How Passive Solar Building’s Windows Save Energy in Different Climates


The windows in a passive solar building are designed to collect, store, reflect and distribute solar energy.  During winter, the windows help keep the heat in by maximizing the heating rays of the sun. During summer, they reject the solar heat keeping it out and the cool in. 

Since there are different climates all over the world, the windows need to be positioned and installed accordingly to take advantage of maximum solar energy on the various properties.

Using Windows in Cool Climates

Keeping a green building warm in a cool climate can present a challenge. The two main strategies used for passive solar energy through the windows: one strategy is using Trombe walls and the other is using various green building methodologies.

Trombe walls are usually big walls built on the winter sun side of the building, maybe painted black, to allow for absorption of heat into the building without leaking heat out.

Since one main concern with using a big window is that while the sun's rays come in the building and heat up the air, the glass conducts heat so well that the heat may escape back through the glass. By using a Trombe wall, this issue is resolved because the Trombe wall traps the heated air between the glass and the wall, then circulates it back into the building before the heat has a chance to escape through the glass. 

The green building methodology uses technology to keep heated air inside the building. Therefore, this methodology uses numerous windows to allow the sun’s rays into the green building. Then to optimize the heat from the rays and reduce the amount of lost heat through the same glass, a controlled timer is used to circulate the air within the building.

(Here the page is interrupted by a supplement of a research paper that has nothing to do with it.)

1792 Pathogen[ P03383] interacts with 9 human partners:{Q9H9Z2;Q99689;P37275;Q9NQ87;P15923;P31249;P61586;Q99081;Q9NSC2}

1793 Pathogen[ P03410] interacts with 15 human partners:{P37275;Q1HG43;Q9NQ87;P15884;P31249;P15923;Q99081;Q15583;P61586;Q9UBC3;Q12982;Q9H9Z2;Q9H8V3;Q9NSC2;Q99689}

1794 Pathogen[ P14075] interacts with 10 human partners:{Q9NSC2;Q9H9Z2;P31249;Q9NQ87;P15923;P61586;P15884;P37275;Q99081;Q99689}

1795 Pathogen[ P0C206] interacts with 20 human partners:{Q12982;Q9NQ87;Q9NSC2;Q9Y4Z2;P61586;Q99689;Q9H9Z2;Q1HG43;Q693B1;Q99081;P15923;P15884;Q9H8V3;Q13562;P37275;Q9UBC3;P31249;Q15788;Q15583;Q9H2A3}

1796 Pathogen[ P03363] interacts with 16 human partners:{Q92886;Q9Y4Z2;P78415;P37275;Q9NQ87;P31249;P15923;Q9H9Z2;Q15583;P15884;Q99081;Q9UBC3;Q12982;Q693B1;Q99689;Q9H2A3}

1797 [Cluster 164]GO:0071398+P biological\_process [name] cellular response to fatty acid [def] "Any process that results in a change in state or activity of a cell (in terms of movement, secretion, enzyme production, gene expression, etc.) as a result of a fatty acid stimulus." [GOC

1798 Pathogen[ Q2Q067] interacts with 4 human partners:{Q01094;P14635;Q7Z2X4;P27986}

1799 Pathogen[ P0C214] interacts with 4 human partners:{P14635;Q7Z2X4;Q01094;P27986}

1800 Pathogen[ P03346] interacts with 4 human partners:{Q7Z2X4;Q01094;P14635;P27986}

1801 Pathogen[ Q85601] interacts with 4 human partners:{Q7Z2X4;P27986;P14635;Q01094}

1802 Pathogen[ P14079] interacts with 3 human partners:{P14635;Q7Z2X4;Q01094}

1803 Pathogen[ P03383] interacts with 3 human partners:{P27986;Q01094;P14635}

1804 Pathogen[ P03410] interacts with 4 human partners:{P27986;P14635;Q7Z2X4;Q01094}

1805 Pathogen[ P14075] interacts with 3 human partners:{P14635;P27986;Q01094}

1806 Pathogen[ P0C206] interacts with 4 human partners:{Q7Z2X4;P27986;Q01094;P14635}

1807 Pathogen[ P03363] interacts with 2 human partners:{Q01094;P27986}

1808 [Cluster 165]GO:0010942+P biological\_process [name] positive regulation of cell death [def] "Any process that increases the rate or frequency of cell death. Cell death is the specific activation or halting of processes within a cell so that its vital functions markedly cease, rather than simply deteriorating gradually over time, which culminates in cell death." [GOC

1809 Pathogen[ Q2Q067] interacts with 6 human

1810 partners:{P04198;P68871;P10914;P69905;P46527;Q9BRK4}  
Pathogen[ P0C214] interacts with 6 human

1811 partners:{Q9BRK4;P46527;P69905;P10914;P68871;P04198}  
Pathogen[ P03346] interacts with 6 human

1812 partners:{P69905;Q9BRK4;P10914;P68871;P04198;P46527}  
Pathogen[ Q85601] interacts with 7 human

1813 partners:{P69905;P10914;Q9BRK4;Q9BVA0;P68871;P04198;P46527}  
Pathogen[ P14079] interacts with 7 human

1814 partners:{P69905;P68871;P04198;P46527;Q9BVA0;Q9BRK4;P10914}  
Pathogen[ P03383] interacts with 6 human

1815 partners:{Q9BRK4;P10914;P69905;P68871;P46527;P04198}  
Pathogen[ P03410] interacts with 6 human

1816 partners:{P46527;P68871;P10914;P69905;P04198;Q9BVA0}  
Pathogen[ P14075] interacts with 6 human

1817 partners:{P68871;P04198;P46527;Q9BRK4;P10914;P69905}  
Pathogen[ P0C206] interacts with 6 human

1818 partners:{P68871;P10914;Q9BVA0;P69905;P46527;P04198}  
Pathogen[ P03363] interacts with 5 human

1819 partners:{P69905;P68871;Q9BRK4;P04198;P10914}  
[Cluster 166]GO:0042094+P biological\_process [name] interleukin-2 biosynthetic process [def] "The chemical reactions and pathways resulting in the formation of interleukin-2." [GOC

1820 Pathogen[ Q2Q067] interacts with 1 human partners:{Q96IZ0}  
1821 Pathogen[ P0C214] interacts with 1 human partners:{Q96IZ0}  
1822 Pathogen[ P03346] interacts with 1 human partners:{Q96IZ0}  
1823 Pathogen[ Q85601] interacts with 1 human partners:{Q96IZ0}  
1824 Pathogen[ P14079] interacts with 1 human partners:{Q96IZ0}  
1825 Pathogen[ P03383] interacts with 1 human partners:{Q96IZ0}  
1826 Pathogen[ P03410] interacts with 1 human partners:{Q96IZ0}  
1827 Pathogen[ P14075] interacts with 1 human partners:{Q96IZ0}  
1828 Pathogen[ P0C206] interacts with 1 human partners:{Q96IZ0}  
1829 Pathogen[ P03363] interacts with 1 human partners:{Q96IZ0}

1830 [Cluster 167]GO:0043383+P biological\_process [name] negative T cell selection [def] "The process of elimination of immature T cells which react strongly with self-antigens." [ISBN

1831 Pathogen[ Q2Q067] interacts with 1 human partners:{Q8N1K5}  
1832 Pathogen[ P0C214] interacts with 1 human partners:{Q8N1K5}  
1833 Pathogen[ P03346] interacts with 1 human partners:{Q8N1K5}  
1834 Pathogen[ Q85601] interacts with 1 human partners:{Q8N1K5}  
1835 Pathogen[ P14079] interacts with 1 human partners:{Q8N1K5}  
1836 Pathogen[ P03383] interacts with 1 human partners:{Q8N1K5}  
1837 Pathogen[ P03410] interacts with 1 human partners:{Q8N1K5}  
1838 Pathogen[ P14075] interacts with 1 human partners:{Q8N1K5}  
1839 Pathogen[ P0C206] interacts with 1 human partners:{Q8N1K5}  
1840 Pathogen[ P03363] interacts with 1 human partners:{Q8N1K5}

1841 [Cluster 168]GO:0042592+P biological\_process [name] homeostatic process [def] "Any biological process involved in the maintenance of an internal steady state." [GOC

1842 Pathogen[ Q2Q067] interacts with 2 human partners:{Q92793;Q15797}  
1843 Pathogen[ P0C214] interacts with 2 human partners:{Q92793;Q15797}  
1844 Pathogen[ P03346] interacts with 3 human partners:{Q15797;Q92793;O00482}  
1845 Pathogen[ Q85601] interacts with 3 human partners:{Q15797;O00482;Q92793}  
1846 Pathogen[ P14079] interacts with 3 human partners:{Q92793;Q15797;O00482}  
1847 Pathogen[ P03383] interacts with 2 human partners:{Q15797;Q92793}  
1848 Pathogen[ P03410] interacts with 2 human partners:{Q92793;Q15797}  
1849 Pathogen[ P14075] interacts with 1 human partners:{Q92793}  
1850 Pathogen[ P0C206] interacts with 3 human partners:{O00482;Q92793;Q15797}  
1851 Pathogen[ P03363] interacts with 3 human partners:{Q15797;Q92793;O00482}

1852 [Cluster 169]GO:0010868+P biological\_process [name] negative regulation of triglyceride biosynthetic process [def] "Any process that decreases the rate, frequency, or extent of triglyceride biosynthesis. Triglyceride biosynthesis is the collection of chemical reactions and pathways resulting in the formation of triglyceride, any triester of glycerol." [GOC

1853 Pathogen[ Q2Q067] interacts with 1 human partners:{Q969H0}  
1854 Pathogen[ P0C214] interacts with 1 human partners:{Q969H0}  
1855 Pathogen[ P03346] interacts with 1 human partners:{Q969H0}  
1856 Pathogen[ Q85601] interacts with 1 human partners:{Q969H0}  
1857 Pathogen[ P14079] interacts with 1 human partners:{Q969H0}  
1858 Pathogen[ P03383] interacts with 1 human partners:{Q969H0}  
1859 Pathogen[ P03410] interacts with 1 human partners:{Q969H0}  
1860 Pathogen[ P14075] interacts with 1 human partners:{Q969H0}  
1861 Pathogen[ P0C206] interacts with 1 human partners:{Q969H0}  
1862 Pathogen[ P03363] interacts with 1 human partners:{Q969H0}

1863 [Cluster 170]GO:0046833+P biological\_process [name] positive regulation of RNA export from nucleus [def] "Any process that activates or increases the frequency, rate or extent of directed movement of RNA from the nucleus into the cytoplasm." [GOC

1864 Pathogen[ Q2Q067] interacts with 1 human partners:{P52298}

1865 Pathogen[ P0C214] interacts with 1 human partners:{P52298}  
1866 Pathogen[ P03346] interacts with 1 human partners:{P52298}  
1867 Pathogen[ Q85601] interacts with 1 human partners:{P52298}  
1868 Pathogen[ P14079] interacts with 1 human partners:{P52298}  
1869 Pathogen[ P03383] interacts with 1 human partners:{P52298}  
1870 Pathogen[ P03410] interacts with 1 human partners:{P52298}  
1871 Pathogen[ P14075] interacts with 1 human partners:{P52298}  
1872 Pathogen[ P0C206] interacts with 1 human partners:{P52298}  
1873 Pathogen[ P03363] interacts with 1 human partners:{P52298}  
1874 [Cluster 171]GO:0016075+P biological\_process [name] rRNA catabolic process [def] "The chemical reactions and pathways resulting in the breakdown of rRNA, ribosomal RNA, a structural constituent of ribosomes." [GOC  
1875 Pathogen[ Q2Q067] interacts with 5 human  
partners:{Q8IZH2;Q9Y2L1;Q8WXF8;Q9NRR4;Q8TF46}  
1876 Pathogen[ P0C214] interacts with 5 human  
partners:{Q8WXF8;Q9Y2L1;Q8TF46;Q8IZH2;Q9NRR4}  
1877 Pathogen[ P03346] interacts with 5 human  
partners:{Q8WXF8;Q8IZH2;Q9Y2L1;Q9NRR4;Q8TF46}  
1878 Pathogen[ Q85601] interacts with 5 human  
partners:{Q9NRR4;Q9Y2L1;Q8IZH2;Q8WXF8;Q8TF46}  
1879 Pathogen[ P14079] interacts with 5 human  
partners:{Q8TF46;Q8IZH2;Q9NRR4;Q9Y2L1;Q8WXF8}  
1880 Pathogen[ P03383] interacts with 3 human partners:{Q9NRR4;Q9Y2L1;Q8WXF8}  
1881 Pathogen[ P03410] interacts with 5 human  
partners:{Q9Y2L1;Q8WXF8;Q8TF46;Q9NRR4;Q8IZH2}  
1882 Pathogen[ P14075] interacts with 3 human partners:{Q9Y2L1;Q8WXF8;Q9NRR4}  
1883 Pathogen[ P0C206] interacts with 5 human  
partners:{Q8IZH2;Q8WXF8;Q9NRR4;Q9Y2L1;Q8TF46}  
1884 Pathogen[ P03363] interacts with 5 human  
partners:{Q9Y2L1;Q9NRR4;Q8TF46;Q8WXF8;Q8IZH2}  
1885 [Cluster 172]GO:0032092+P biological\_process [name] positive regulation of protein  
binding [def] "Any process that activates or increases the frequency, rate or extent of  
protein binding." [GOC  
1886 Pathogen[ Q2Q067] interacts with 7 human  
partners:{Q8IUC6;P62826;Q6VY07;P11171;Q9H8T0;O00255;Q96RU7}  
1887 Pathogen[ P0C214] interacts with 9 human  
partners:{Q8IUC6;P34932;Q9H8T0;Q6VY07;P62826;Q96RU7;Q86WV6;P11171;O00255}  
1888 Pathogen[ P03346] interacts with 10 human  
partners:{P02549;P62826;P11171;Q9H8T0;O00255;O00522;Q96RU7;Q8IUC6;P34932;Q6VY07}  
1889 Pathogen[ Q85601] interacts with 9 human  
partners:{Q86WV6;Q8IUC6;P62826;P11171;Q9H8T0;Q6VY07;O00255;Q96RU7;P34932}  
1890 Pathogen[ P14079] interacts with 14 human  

Using Windows for Hot and Sunny Climates

Since keeping a green building cool in a hot and sunny climate is often a difficult task, installing glazed windows toward the south side of the building is one methodology used. This prevents the building from overheating during peak hours of the day because the windows collect the rays while the sun is low in the sky.  

Another methodology is the use of awnings, overhangs or other shielding devices to help prevent excessive heat during the summer.  

While other windows may be installed in the building, in order to not allow light or heat into the building, they should have a glaze or a shade installed.  Plus, to prevent overheating in a hot, dry climate, avoid north-facing windows.

Using Windows Wisely

Correctly using windows in any green building can work for both cold and hot climates, providing needed warmth or cooling, whether there's a lot of sun or just a little sun.

Since purchasing energy efficient windows for a passive solar building is a substantial investment, the long-time energy savings will provide a nice return on the initial investment. To determine the best options and whether or not your building will benefit from passive windows, it is always best to talk to an environmental contractor or engineer in your area.


Michael Tobias PE is a visionary in the construction industry. His passion resonates as the Founding Principal of New York Engineers, an Inc 5000 fastest growing company. New York Engineers is the most innovative construction engineering firm focusing on Mechanical, Electrical and Plumbing (MEP) engineering designs in Chicago and New York. Michael has overseen the design of over 1000 construction projects in all market sectors, including LEED certified and Passive House certified projects. He leads a global team of 50 top performers.

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